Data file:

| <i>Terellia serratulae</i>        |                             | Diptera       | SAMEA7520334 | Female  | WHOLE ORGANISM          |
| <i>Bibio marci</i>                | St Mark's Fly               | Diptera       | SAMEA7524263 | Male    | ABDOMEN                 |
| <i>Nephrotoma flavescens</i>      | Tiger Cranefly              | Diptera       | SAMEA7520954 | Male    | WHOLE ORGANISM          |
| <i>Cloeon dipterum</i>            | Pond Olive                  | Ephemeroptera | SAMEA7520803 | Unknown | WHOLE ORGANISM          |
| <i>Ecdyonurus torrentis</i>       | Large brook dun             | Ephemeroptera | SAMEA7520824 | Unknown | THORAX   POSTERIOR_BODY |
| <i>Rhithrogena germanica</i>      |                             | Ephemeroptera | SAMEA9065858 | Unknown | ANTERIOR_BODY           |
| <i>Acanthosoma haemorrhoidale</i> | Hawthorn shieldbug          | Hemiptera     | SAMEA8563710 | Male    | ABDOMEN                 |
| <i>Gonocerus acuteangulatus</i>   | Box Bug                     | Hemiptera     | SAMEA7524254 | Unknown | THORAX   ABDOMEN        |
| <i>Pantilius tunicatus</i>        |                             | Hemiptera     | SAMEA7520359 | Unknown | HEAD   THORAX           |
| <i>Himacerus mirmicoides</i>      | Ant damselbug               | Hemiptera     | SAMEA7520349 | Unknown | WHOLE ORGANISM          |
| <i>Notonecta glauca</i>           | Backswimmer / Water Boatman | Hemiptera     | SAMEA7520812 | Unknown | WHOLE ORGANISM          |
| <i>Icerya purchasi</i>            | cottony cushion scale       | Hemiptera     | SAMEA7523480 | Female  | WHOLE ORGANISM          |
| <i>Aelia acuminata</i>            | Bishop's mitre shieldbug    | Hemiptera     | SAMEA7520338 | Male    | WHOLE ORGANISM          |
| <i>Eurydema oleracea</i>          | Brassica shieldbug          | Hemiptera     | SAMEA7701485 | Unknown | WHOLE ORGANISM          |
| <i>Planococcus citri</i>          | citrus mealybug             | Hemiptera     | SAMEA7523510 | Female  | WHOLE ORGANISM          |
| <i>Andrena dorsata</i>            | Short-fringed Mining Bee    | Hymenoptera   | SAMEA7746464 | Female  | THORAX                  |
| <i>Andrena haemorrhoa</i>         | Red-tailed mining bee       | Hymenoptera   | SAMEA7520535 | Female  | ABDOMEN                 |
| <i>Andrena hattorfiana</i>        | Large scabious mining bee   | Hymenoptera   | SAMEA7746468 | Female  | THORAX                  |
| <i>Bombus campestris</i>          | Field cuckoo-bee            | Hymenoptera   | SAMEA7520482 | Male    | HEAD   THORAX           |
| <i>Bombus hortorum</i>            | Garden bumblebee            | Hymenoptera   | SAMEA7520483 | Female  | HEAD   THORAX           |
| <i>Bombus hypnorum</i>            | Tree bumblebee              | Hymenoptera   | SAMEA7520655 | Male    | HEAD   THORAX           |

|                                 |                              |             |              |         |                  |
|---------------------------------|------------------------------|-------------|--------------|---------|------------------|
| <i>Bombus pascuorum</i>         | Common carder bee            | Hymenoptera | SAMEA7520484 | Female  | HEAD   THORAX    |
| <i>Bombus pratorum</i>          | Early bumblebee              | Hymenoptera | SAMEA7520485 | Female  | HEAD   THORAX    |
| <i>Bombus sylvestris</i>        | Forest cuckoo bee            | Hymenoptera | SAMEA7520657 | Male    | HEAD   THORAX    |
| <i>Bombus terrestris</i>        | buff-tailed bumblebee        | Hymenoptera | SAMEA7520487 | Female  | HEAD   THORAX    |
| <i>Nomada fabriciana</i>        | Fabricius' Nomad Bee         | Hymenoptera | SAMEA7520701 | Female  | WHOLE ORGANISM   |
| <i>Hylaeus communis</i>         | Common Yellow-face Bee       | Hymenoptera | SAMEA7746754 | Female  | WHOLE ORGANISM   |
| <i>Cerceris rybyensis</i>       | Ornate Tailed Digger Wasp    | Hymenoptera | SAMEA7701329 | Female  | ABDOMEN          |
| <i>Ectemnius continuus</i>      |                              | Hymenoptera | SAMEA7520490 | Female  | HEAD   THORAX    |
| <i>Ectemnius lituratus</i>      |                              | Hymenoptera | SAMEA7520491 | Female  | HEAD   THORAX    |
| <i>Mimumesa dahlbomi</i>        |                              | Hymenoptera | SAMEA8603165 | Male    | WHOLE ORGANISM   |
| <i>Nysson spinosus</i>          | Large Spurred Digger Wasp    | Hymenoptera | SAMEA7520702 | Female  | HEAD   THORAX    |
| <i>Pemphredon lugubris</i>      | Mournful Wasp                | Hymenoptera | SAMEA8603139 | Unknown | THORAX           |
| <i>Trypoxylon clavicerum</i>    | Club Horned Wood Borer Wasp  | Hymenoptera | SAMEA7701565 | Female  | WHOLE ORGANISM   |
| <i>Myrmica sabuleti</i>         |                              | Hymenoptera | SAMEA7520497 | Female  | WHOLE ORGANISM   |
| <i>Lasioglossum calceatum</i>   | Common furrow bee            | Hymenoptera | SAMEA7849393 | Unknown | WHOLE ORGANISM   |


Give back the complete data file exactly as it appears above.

| <i>Terellia serratulae</i>        |                             | Diptera       | SAMEA7520334 | Female  | WHOLE ORGANISM          |
| <i>Bibio marci</i>                | St Mark's Fly               | Diptera       | SAMEA7524263 | Male    | ABDOMEN                 |
| <i>Nephrotoma flavescens</i>      | Tiger Cranefly              | Diptera       | SAMEA7520954 | Male    | WHOLE ORGANISM          |
| <i>Cloeon dipterum</i>            | Pond Olive                  | Ephemeroptera | SAMEA7520803 | Unknown | WHOLE ORGANISM          |
| <i>Ecdyonurus torrentis</i>       | Large brook dun             | Ephemeroptera | SAMEA7520824 | Unknown | THORAX   POSTERIOR_BODY |
| <i>Rhithrogena germanica</i>      |                             | Ephemeroptera | SAMEA9065858 | Unknown | ANTERIOR_BODY           |
| <i>Acanthosoma haemorrhoidale</i> | Hawthorn shieldbug          | Hemiptera     | SAMEA8563710 | Male    | ABDOMEN                 |
| <i>Gonocerus acuteangulatus</i>   | Box Bug                     | Hemiptera     | SAMEA7524254 | Unknown | THORAX   ABDOMEN        |
| <i>Pantilius tunicatus</i>        |                             | Hemiptera     | SAMEA7520359 | Unknown | HEAD   THORAX           |
| <i>Himacerus mirmicoides</i>      | Ant damselbug               | Hemiptera     | SAMEA7520349 | Unknown | WHOLE ORGANISM          |
| <i>Notonecta glauca</i>           | Backswimmer / Water Boatman | Hemiptera     | SAMEA7520812 | Unknown | WHOLE ORGANISM          |
| <i>Icerya purchasi</i>            | cottony cushion scale       | Hemiptera     | SAMEA7523480 | Female  | WHOLE ORGANISM          |
| <i>Aelia acuminata</i>            | Bishop's mitre shieldbug    | Hemiptera     | SAMEA7520338 | Male    | WHOLE ORGANISM          |
| <i>Eurydema oleracea</i>          | Brassica shieldbug          | Hemiptera     | SAMEA7701485 | Unknown | WHOLE ORGANISM          |
| <i>Planococcus citri</i>          | citrus mealybug             | Hemiptera     | SAMEA7523510 | Female  | WHOLE ORGANISM          |
| <i>Andrena dorsata</i>            | Short-fringed Mining Bee    | Hymenoptera   | SAMEA7746464 | Female  | THORAX                  |
| <i>Andrena haemorrhoa</i>         | Red-tailed mining bee       | Hymenoptera   | SAMEA7520535 | Female  | ABDOMEN                 |
| <i>Andrena hattorfiana</i>        | Large scabious mining bee   | Hymenoptera   | SAMEA7746468 | Female  | THORAX                  |
| <i>Bombus campestris</i>          | Field cuckoo-bee            | Hymenoptera   | SAMEA7520482 | Male    | HEAD   THORAX           |
| <i>Bombus hortorum</i>            | Garden bumblebee            | Hymenoptera   | SAMEA7520483 | Female  | HEAD   THORAX           |
| <i>Bombus hypnorum</i>            | Tree bumblebee              | Hymenoptera   | SAMEA7520655 | Male    | HEAD   THORAX           |

|                                 |                              |             |              |         |                  |
|---------------------------------|------------------------------|-------------|--------------|---------|------------------|
| <i>Bombus pascuorum</i>         | Common carder bee            | Hymenoptera | SAMEA7520484 | Female  | HEAD   THORAX    |
| <i>Bombus pratorum</i>          | Early bumblebee              | Hymenoptera | SAMEA7520485 | Female  | HEAD   THORAX    |
| <i>Bombus sylvestris</i>        | Forest cuckoo bee            | Hymenoptera | SAMEA7520657 | Male    | HEAD   THORAX    |
| <i>Bombus terrestris</i>        | buff-tailed bumblebee        | Hymenoptera | SAMEA7520487 | Female  | HEAD   THORAX    |
| <i>Nomada fabriciana</i>        | Fabricius' Nomad Bee         | Hymenoptera | SAMEA7520701 | Female  | WHOLE ORGANISM   |
| <i>Hylaeus communis</i>         | Common Yellow-face Bee       | Hymenoptera | SAMEA7746754 | Female  | WHOLE ORGANISM   |
| <i>Cerceris rybyensis</i>       | Ornate Tailed Digger Wasp    | Hymenoptera | SAMEA7701329 | Female  | ABDOMEN          |
| <i>Ectemnius continuus</i>      |                              | Hymenoptera | SAMEA7520490 | Female  | HEAD   THORAX    |
| <i>Ectemnius lituratus</i>      |                              | Hymenoptera | SAMEA7520491 | Female  | HEAD   THORAX    |
| <i>Mimumesa dahlbomi</i>        |                              | Hymenoptera | SAMEA8603165 | Male    | WHOLE ORGANISM   |
| <i>Nysson spinosus</i>          | Large Spurred Digger Wasp    | Hymenoptera | SAMEA7520702 | Female  | HEAD   THORAX    |
| <i>Pemphredon lugubris</i>      | Mournful Wasp                | Hymenoptera | SAMEA8603139 | Unknown | THORAX           |
| <i>Trypoxylon clavicerum</i>    | Club Horned Wood Borer Wasp  | Hymenoptera | SAMEA7701565 | Female  | WHOLE ORGANISM   |
| <i>Myrmica sabuleti</i>         |                              | Hymenoptera | SAMEA7520497 | Female  | WHOLE ORGANISM   |
| <i>Lasioglossum calceatum</i>   | Common furrow bee            | Hymenoptera | SAMEA7849393 | Unknown | WHOLE ORGANISM   |